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only of precocious nervous and sexual irritability, greatly
heightened and directed by the secret practices of the children
with whom he associated. He does not see why these experiences
should have given him a homosexual bent any more than a
The psychoanalysis recalled to M.O. that during the period of
early flirtation he had often kissed and embraced various girls,
but likewise he recalled having observed at the same time, with
some surprise, that no definitely sexual desire arose, though the
way was probably open to gratify it. Such interest as did exist
ceased wholly or almost so as the relation with Edmund developed.
There was no aversion from the company of girls and women,
however; the intellectual friendships were mainly with them,
while the emotional ones were with boys.
Very recently M.O. spent several days with Edmund, who has been
married for several years. With absolutely no sexual interest in
each other, they nevertheless found a great bond of love still
subsisting. Neither regrets anything of the past, but feels that
the final outcome of their earlier relation has been good.
Edmund's beauty is still pronounced, and is remarked by others.
In spite of his precocious sexuality, M.O. had from the very
first an extreme disgust for obscene stories, and for any
association of sexual things with filthy words and anecdotes.
Owing in part to this and in part to his temperamental
skepticism, he disbelieved what associates told him regarding
sexual emissions, only becoming convinced when he actually
experienced them; and the facts of reproduction he denied
indignantly until he read them in a medical work. Until he was
well over 25 the physical aversion from any thought of
reproduction was intense. He knows other, normal, young men who
have felt the same way, but he believes it would be prevented or
overcome by sex-education such as is now being introduced in
Again, as to traces of feminism: Perhaps two years ago, all
impulse to give the love-bite disappeared suddenly. There has
been lately a marked increase of dramatic interest, arising in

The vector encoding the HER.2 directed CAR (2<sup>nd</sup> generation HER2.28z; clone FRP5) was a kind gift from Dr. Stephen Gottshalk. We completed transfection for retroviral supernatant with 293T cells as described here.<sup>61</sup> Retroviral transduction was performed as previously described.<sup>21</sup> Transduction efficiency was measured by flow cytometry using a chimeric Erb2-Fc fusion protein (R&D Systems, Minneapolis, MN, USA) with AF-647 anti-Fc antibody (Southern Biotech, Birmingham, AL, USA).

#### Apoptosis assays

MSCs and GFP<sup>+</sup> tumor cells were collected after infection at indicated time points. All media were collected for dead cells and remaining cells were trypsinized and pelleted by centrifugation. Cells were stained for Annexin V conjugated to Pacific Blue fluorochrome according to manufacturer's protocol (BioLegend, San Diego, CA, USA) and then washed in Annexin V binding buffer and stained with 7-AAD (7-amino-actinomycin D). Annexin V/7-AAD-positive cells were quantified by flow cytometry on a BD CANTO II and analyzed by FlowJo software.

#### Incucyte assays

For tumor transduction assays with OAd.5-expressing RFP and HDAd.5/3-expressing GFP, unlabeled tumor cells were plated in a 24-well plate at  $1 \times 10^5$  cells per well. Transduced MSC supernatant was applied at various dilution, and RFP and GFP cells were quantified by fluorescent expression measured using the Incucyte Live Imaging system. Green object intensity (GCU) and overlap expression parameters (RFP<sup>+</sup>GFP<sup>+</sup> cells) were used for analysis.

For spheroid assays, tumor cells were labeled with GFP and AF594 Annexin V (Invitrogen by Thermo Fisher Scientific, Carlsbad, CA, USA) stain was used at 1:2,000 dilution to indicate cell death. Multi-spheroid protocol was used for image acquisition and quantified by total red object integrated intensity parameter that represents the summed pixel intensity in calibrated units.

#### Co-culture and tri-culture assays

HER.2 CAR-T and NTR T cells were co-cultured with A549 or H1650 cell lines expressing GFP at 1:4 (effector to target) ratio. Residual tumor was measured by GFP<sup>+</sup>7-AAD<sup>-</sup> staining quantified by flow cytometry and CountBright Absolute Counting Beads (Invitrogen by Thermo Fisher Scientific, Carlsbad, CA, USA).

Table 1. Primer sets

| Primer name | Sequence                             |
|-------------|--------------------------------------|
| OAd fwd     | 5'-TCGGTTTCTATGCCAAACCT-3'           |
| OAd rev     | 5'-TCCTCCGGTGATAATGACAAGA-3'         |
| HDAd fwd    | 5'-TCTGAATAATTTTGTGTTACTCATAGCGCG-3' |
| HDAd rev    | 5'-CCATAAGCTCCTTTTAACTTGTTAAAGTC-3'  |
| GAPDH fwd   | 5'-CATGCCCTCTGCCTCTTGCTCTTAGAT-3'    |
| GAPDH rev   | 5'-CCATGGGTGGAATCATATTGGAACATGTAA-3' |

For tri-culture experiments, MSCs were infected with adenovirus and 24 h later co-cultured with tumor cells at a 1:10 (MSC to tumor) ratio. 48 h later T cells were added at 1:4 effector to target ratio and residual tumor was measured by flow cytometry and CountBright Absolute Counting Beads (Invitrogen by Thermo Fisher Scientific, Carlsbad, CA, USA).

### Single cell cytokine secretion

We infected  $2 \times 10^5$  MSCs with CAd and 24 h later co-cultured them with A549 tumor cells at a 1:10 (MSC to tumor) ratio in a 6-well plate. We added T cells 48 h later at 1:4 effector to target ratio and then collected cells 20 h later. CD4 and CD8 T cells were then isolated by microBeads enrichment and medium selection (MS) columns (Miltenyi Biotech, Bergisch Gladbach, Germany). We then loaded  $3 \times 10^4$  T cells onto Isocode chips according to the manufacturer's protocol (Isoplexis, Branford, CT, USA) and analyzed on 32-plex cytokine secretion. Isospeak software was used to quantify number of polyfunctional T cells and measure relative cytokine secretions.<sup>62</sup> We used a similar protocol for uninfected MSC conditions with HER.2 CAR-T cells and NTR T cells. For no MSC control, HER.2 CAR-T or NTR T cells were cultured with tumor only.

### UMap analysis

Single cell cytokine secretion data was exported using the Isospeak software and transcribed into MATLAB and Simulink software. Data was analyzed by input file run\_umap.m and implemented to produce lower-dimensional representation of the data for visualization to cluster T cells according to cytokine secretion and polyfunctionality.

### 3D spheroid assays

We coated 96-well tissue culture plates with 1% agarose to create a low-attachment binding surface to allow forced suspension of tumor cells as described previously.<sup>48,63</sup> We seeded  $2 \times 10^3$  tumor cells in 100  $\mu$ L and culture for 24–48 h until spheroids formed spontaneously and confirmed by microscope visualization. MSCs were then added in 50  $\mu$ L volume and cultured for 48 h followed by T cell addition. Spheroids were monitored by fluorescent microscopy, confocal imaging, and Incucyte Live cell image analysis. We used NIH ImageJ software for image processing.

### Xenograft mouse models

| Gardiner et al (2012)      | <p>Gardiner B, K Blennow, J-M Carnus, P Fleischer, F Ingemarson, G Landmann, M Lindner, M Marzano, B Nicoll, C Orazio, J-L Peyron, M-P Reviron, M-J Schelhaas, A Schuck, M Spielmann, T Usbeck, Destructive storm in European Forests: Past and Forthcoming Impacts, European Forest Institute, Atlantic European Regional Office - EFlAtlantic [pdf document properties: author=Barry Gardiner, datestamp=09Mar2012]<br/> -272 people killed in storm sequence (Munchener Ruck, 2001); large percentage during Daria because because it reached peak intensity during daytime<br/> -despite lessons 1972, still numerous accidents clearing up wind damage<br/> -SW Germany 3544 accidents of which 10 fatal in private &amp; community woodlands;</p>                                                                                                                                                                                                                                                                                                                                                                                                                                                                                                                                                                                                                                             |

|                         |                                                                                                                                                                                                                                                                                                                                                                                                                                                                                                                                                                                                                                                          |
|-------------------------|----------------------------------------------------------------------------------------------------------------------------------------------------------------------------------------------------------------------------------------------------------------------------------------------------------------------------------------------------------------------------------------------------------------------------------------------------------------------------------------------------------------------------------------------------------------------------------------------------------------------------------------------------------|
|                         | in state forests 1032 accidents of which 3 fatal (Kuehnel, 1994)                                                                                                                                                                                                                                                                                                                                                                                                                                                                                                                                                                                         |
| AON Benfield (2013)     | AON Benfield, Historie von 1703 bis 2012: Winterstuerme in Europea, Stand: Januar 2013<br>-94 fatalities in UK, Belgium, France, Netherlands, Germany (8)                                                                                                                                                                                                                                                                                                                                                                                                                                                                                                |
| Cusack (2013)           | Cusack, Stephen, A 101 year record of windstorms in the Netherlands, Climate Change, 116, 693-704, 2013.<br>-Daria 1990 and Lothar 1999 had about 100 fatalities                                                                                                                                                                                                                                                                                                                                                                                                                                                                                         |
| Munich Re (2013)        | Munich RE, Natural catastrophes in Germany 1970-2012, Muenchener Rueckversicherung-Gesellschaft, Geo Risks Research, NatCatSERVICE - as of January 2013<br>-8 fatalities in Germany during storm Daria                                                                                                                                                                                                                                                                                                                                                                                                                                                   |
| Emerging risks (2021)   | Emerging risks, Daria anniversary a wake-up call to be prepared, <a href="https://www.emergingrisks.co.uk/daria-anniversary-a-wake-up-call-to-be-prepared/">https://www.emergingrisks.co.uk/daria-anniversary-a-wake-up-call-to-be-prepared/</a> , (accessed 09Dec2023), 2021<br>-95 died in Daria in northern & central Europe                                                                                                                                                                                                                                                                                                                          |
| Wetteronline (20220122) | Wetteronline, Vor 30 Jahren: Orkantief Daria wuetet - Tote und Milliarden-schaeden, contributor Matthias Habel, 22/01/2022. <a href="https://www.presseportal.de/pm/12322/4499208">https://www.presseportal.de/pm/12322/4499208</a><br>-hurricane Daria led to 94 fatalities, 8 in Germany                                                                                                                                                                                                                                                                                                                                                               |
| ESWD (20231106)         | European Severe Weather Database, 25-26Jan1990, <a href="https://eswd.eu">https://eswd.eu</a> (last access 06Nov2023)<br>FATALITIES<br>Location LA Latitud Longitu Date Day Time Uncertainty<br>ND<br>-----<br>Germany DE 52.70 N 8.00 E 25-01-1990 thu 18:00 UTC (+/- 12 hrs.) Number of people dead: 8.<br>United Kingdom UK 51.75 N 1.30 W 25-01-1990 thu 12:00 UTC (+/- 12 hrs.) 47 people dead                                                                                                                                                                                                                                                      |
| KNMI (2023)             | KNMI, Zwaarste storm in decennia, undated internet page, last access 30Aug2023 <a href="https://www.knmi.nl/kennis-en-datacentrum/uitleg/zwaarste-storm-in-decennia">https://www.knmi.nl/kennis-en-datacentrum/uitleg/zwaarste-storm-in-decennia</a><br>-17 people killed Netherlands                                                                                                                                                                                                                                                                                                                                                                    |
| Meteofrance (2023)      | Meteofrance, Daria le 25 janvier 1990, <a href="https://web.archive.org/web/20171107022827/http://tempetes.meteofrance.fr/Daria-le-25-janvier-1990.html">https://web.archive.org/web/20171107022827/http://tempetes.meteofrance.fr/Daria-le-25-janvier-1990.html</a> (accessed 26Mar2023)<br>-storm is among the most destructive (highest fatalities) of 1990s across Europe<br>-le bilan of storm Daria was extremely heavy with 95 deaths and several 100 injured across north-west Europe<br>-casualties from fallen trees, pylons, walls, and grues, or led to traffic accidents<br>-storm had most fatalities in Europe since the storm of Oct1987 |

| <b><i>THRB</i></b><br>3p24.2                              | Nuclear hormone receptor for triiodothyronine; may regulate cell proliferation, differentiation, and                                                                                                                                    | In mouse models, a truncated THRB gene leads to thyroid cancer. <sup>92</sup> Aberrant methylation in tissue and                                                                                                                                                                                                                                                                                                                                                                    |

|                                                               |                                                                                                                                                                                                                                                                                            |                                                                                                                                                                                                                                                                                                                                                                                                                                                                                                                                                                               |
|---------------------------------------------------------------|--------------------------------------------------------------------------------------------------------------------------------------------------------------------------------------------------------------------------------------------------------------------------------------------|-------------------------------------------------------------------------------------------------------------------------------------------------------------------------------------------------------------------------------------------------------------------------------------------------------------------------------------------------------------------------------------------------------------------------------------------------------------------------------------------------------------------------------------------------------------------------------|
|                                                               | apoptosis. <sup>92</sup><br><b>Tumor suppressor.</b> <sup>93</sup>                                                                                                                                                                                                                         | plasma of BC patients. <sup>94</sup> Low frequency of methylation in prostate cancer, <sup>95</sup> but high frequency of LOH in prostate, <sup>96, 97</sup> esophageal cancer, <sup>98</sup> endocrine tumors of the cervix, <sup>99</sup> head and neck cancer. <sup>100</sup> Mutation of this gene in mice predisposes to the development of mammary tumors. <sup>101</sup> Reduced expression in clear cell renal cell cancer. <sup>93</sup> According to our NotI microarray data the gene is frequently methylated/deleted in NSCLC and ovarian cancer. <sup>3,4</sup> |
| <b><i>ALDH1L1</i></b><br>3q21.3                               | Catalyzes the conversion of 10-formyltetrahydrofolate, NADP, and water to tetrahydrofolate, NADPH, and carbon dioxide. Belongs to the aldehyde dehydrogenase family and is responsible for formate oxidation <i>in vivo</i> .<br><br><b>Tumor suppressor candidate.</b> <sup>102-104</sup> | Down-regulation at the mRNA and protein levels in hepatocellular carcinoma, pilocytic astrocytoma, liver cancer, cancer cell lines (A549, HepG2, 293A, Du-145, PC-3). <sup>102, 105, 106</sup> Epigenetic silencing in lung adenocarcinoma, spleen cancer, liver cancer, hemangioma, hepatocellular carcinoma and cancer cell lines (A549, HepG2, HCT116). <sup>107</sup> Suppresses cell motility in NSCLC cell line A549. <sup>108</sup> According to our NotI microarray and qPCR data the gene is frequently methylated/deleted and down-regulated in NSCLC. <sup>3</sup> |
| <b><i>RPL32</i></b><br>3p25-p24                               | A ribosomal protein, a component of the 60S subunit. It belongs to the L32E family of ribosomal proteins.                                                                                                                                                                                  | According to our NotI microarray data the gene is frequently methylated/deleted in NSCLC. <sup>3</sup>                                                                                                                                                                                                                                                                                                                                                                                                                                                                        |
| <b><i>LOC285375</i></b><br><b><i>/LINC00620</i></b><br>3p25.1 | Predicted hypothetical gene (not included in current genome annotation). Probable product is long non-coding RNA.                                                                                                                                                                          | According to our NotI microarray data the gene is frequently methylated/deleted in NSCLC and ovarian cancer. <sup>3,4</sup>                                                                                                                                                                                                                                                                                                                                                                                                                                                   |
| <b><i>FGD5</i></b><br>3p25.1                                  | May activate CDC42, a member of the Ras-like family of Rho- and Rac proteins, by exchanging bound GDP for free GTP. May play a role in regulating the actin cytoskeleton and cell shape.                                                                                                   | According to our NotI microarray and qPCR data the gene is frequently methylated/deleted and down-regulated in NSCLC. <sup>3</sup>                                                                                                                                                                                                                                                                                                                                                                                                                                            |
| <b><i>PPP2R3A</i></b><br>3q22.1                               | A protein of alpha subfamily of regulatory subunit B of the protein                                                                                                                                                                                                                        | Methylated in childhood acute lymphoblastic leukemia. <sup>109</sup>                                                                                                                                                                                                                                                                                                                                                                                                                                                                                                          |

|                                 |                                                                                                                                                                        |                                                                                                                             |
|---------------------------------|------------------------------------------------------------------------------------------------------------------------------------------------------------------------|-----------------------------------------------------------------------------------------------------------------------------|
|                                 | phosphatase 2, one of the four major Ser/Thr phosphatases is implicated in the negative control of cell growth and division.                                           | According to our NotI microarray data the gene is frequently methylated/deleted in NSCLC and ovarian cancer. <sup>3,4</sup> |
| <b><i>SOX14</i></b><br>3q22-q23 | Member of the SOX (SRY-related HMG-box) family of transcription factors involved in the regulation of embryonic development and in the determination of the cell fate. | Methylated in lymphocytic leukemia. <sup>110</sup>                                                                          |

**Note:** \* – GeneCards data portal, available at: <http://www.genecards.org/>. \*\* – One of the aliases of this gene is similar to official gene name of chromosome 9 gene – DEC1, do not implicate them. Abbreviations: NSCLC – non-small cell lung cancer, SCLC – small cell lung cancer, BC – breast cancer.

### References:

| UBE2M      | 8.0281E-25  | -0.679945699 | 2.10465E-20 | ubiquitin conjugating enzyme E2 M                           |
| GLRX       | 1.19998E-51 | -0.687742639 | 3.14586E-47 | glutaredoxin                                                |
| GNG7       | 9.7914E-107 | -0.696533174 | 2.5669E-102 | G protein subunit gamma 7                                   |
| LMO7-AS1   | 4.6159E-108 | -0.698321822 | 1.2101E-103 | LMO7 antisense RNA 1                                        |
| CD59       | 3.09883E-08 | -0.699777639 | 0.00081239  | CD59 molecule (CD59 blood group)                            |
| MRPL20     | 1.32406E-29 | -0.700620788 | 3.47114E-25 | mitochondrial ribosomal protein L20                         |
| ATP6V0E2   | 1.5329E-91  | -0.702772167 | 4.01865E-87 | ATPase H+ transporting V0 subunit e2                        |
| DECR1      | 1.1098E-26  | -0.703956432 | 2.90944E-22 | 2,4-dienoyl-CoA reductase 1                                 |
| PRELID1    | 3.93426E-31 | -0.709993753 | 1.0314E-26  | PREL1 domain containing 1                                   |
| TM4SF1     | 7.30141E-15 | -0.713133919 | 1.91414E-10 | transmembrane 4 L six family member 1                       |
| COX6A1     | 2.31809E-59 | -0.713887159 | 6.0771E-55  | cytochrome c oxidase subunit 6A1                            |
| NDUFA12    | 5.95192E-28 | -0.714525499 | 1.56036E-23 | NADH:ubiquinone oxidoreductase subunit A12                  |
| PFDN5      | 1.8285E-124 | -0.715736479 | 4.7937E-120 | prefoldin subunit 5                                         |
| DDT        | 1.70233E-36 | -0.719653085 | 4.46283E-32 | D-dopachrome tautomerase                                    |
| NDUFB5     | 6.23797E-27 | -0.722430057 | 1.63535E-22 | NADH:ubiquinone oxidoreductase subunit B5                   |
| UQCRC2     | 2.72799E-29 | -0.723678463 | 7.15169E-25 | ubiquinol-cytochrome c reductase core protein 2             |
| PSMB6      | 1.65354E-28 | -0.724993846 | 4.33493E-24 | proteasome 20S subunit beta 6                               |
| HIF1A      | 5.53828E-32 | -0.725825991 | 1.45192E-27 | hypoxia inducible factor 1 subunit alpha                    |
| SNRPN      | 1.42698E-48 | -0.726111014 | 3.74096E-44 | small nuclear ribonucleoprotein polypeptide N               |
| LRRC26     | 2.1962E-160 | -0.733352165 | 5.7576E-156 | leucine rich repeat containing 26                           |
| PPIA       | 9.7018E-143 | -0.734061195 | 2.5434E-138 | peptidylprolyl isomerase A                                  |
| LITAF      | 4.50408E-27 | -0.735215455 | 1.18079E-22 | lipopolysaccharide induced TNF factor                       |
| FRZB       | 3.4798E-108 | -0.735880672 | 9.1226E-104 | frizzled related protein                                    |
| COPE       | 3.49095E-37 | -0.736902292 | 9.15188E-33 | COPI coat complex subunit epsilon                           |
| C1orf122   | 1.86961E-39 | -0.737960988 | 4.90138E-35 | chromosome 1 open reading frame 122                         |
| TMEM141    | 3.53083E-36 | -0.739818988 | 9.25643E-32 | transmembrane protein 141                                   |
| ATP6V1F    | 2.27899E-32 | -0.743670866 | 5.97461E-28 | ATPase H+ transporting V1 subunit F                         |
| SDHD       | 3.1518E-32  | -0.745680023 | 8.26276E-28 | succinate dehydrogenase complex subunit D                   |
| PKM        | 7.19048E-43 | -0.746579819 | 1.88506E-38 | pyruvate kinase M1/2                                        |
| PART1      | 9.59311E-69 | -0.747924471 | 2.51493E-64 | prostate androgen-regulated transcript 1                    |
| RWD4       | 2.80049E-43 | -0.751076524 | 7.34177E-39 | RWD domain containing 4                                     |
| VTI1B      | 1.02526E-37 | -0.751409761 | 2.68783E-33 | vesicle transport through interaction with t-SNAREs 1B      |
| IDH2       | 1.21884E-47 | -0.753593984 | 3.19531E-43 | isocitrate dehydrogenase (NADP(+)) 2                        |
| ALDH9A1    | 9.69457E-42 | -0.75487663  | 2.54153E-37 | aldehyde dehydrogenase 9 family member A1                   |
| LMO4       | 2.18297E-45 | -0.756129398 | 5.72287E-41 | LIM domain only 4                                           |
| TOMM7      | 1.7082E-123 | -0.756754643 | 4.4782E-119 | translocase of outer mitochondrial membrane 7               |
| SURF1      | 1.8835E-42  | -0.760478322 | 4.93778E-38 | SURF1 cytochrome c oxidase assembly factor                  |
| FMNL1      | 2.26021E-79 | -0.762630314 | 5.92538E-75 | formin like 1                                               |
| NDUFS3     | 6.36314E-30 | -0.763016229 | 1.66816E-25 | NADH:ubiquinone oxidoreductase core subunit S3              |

perfectly natural ways, and without any of the peculiarities
noted before. The childish pleasure in valentines has all gone;
M.O. believes that _circumstances_ have lately been more
favorable for the development of a more robust estheticism.
For some years he has heard no definite reproach for feminism,
though some persons tell his friends that he is "very peculiar."
He forms many intimate, enduring, non-sexual friendships with
both men and women, and he doubts if the peculiarity noted by
others is due so much to his homosexuality as it is to his
estheticism, skepticism, and the unconventional opinions which he
expresses quite indiscreetly at times. With the improvement in
general health, has come the changes that would be expected in
food and other matters of daily life.
Resuming his narrative at the point where the earlier
communication left it, M.O. says that about a year after that
time, the youth of 17 to whom he had considered himself virtually
engaged withdrew from the agreement so far as it bore on his own
future, but not from the sentimental relation as it existed.
Although separated most of the time by distance, the physical
relation was resumed whenever they met. Subsequently, however,
the young man fell in love with a young woman and became engaged
to her. His physical relation with M.O. then ceased, but the
friendship otherwise continues strong.
Shortly after the first break in this relation, M.O. became,
through the force of quite unusual circumstances, very friendly
and intimate with a young woman of considerable charm. He
confided to her his abnormality, and was not repulsed. To others
their relation probably appeared that of lovers, and a painful
situation was created by the slander of a jealous woman. M.O.
felt that in honor he must propose marriage to her. The young
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